Years ago the only way we had to reach consumers…
Intro by Skip Cohen
If there’s one dream universal among the majority of photographers in the portrait/social categories, it’s having their own studio. Over the years I’ve watched some pretty accomplished artists expand to a studio and months later pull back as the overhead cost adds a new level of stress to their business.
I love these five questions Sarah Petty is suggesting you answer before moving! And, it all starts with figuring out why you want a studio in the first place. So often the decision to open a studio is ego driven and represents a quest to be recognized as serious about the craft, ready to expand and a sign of success.
The desire for your own space is universal in business. Moving out of an office environment from my old position at Rangefinder Publishing, I had to deal with my own ego when establishing a home office. But, my consulting business at the time wasn’t big enough to support an office and in fact, reducing my overhead over the years has given me the ability to focus on other areas to help grow my business.
You don’t need to let go of your dream for a studio – just keep it in check until the incoming revenue can support paying you a reasonable salary and then follow Sarah’s other suggestions!
By Sarah Petty
I remember the feeling. Knowing I wanted my business to be something bigger than the basement studio in my home.
I was ready to make it more of a fulltime business. Get a retail studio and raise my prices, but like many of you, I wasn’t sure how to do it.
I get this question often from photographers who are ready to move a home-based photography business into a studio.
Before you take the leap into opening a studio (and raising your prices to possibly cover any additional costs you incur), you need to make sure you’ve thought through the decision.
I’ve seen many photographers prematurely open a photography studio and have the doors shut shortly after.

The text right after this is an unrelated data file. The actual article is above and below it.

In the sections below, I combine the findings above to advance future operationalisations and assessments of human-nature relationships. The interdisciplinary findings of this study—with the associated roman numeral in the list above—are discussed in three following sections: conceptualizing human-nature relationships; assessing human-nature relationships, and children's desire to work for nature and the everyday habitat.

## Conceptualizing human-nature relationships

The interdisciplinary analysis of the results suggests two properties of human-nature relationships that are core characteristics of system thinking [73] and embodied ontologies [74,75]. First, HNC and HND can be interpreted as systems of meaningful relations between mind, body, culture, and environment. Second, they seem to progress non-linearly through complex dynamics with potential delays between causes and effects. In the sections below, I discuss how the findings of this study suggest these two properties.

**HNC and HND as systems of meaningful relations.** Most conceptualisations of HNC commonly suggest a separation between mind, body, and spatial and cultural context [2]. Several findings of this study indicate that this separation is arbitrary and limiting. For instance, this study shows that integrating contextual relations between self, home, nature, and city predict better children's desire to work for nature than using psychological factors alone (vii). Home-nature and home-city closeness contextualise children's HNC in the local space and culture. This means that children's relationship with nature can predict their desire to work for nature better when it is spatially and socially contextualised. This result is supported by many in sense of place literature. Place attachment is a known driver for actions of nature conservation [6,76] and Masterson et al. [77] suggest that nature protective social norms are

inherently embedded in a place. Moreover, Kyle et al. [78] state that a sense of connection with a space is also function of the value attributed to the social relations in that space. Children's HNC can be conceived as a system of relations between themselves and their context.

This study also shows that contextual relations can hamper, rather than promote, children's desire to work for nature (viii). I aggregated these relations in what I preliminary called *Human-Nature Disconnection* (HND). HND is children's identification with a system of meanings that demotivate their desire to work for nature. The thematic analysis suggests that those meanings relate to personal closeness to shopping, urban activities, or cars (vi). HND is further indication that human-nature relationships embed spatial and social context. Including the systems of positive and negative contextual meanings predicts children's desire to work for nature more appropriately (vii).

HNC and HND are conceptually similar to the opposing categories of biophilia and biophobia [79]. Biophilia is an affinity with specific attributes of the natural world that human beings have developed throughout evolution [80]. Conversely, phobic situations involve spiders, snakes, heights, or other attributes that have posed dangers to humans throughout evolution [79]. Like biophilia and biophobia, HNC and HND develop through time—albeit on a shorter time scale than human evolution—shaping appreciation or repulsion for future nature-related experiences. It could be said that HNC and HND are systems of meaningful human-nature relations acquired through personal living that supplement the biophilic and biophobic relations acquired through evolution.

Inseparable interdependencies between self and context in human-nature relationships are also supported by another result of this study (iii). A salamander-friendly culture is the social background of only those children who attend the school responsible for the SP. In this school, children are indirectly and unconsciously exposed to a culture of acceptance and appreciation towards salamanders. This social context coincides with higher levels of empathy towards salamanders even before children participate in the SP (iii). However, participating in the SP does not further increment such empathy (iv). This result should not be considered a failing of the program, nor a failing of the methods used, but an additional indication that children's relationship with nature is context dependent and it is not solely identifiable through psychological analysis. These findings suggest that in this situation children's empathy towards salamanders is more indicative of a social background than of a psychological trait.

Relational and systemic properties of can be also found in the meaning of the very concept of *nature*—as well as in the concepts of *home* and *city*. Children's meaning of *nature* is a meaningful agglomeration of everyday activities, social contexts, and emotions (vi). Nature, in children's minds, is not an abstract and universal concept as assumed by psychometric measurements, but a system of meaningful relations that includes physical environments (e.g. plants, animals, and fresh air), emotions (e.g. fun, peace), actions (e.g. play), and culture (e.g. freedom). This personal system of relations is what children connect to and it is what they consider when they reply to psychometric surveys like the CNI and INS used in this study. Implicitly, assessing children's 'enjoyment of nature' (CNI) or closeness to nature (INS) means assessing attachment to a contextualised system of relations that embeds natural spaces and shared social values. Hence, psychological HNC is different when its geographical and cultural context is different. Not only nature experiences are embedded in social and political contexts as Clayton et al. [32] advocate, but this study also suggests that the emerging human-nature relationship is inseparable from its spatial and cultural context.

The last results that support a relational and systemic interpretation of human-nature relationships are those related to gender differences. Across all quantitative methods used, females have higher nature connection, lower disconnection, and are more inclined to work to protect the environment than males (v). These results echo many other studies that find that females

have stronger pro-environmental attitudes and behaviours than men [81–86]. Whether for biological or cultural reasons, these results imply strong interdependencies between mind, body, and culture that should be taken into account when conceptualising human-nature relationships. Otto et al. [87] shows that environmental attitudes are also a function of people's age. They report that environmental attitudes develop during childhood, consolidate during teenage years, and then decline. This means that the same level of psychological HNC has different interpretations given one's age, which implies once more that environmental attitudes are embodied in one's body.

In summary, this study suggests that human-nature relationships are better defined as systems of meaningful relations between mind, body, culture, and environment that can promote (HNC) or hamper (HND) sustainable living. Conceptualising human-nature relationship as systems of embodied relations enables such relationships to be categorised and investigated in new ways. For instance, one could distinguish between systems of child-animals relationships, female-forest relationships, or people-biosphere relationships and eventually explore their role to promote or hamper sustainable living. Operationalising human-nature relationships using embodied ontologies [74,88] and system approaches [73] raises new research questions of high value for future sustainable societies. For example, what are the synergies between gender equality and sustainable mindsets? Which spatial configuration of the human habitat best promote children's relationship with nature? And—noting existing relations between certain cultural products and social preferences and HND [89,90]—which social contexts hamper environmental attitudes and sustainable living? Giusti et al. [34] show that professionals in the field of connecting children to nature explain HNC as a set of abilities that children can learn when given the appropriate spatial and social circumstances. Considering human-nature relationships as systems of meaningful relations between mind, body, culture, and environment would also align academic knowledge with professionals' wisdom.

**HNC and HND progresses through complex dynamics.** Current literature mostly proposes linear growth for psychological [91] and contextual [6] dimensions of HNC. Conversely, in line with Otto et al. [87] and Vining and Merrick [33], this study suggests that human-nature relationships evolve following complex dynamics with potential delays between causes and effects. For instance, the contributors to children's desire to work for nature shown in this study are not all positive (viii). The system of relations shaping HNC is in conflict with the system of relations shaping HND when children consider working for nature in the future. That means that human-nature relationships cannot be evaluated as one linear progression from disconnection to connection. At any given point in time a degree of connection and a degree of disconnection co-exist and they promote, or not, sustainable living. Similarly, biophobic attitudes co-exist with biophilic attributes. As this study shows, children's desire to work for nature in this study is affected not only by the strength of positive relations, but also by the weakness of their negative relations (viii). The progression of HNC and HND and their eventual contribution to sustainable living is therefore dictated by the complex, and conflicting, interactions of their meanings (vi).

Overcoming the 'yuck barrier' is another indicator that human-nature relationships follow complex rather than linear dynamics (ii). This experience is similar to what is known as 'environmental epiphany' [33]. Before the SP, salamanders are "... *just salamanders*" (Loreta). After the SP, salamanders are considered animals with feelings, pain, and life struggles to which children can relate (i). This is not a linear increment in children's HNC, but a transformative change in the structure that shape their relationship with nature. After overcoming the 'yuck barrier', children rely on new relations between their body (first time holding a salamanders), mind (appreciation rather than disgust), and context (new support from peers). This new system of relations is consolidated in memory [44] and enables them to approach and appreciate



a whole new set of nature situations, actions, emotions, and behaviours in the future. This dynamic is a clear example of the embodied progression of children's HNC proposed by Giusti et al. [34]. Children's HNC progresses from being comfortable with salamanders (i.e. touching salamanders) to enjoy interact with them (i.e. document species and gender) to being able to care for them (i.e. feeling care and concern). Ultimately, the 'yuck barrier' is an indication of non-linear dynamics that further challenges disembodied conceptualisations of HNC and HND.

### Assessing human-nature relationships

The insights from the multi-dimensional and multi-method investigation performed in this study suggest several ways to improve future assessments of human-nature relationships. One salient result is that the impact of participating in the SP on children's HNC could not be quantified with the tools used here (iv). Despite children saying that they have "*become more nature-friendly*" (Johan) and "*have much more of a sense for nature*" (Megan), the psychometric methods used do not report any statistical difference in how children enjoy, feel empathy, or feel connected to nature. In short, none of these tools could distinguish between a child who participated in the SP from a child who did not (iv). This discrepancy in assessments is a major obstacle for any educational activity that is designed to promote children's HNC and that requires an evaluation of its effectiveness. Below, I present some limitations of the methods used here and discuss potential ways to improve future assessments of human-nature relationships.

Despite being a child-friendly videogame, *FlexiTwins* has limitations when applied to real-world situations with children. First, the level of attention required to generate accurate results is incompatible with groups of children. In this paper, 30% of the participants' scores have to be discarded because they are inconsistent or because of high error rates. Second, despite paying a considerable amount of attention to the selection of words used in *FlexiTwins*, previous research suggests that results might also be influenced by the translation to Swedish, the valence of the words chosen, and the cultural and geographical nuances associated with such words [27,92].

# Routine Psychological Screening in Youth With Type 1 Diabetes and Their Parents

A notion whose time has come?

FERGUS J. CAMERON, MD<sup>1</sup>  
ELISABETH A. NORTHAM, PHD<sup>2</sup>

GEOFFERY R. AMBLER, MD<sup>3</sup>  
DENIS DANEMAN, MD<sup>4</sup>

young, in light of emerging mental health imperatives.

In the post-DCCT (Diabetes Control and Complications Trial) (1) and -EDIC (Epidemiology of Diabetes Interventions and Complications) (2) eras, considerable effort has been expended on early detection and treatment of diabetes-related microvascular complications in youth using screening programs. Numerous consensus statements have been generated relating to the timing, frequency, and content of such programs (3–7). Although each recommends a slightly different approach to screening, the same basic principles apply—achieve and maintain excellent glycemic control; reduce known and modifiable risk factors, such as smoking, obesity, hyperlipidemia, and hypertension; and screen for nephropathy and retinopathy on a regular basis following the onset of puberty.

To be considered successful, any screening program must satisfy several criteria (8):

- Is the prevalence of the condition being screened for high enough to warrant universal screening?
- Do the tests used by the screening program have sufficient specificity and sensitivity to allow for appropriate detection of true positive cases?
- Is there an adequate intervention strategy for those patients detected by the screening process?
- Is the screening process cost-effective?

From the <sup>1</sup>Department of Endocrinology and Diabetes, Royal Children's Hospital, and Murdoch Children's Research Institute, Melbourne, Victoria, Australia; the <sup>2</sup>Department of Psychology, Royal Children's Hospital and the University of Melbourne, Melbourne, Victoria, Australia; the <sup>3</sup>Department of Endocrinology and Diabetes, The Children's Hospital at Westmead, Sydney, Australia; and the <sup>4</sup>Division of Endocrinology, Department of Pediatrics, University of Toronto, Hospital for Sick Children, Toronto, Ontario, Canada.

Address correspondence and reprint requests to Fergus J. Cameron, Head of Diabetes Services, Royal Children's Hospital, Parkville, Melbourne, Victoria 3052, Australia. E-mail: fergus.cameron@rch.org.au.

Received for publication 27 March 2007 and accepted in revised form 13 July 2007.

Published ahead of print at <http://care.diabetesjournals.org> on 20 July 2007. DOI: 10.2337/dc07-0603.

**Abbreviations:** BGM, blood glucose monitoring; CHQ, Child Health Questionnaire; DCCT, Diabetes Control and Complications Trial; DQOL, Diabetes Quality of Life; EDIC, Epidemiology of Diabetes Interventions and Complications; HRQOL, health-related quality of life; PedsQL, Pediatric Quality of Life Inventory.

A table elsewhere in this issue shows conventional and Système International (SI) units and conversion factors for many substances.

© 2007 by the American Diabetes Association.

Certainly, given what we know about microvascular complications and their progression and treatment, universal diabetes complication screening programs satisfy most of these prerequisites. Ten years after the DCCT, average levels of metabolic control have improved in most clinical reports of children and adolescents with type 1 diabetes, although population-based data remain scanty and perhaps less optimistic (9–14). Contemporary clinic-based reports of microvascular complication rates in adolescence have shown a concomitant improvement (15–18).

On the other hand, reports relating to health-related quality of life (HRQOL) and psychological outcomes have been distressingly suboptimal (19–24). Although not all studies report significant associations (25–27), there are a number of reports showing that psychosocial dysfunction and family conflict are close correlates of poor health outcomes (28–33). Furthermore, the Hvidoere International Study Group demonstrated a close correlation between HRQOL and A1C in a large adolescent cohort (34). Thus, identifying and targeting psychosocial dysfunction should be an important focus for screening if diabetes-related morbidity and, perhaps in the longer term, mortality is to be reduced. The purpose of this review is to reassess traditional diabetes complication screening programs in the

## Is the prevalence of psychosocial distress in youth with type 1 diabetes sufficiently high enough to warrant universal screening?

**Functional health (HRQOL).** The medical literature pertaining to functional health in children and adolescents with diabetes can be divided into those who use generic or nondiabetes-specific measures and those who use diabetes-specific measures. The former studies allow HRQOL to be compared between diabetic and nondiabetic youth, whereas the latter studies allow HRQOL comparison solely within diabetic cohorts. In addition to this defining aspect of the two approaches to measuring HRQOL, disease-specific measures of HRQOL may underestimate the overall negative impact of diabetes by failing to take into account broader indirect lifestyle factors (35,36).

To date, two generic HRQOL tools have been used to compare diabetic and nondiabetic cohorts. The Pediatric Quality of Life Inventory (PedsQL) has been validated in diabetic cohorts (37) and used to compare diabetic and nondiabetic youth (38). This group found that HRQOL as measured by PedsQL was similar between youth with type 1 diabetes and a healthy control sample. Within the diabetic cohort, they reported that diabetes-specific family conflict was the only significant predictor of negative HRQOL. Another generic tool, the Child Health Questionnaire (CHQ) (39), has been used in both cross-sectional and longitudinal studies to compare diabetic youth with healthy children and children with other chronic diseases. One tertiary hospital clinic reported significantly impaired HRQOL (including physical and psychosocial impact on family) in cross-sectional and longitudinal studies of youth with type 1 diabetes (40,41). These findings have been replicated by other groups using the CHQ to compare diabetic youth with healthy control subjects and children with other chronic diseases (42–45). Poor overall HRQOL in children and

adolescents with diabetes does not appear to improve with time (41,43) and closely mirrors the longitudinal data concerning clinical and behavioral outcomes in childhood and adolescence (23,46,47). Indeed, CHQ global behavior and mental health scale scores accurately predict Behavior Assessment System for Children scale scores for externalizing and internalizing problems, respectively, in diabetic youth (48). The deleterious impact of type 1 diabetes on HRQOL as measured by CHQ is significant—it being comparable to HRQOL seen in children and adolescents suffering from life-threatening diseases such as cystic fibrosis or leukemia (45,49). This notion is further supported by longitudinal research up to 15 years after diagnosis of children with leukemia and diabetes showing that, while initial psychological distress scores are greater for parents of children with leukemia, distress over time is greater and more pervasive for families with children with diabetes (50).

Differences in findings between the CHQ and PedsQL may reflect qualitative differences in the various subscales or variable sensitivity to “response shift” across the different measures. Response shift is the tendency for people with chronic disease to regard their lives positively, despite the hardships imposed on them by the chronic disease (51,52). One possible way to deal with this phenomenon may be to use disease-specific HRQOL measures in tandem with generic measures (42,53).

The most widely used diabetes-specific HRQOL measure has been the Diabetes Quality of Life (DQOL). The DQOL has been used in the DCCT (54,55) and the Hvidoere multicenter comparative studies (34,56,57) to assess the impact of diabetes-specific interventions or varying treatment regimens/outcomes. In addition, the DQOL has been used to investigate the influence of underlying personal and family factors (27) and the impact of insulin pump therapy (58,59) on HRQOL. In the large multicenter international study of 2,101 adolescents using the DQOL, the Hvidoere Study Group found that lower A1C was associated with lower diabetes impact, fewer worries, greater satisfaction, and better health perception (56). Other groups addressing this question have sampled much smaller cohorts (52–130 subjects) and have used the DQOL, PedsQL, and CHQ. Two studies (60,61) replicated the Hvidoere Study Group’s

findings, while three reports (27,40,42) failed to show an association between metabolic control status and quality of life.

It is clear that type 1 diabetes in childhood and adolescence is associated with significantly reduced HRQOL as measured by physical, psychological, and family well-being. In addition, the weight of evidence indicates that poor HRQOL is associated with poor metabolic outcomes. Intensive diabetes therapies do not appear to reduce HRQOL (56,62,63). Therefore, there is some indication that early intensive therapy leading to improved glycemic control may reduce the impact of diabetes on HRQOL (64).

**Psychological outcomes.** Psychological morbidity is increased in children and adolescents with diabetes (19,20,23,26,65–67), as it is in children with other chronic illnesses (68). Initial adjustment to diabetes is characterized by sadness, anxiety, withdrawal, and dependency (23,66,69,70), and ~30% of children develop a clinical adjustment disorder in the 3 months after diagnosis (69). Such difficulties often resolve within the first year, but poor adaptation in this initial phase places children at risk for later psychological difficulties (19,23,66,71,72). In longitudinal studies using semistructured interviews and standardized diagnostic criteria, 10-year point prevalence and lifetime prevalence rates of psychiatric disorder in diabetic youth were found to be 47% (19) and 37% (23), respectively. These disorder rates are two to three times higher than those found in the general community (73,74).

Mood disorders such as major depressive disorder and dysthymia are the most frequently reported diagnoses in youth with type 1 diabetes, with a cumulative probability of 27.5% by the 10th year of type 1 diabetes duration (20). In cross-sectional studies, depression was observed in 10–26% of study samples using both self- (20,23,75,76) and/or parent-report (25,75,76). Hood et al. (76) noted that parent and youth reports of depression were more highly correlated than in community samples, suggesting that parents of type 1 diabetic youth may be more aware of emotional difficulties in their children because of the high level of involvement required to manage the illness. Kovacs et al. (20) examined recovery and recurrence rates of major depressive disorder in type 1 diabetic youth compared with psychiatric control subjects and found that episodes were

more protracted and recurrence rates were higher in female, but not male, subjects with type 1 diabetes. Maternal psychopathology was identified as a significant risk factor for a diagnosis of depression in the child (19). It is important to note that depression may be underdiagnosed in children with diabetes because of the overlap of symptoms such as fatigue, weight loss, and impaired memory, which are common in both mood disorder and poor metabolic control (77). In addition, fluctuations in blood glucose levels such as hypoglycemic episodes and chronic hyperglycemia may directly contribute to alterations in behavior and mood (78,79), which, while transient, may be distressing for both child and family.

I didn’t move to my first studio (which had bars on the window and cost me $300 per month) until I was already making enough revenue to pay myself a salary that had replaced my fulltime ad agency salary.
That’s one of the first places where I see photographers making a mistake – taking on costs they don’t need to and thinking if they build it, clients will just automatically come. It doesn’t work that way.
In fact, when you take on a studio space you shouldn’t be taking a pay cut.
Before you take the leap and open up a studio front, ask yourself these 5 questions.
1) What are your reasons for opening a studio?
Put your thinking hat on and find out the reasons why you want to open a studio.
• You hope it help you attract more clients (it may, but it’s not going to be dramatic enough in most cases to cover your new costs).
• It will make your business appear legit to clients and other business owners (this is an added benefit but shouldn’t be the sole basis for which you make the decision).
• You’ve outgrown your current space (a legitimate reason as well, but you need to look at how much additional cost you are taking on to have a new space).
• It’s always been a dream of yours (not a good enough reason, but we’ll talk through the financial aspects in more details below).
2) Are you currently paying yourself a salary from your photography business?
If not, then you need to wait to move into a studio until you are. A studio isn’t a magic answer to bringing in more clients or allowing you to raise your prices. In fact, it just compounds any pricing and marketing issues you already have.
3) Are your cost of sales currently at 25% or less?
Find out your cost of sales.
This is the benchmark to follow to be profitable as a photographer. If they aren’t then you need to get these in line before you consider opening a studio.
4) How many additional sessions do you need to do to cover your costs?
Get to know how many extra sessions you need to do to cover the additional cost.
In the case of my first studio, my rent was $300 per month. I needed less than one extra session to cover the cost of rent and utilities. I knew I could do that and I didn’t need to raise my prices to do it.
5) How much does your average sale need to increase to cover your studio space costs?
Prepare a rough estimate on how much you need to raise the price to cover the overhead cost for new studio space.
If you didn’t get one more new client by having studio space, how much more would each of your existing clients need to invest to cover your new costs? If you would need to raise your prices by more than 20% to cover the overhead, you’re right in thinking your clients aren’t going to be happy and you’re going to lose them. And that’s ok! But you need an aggressive marketing plan to find the right new clients who are willing to pay your prices.
There are so many things to consider when opening a brick and mortar location. These are just a few to get you thinking on the right path to building a thriving, profitable photography studio. Do you want to open your own retail location? Why is it your dream?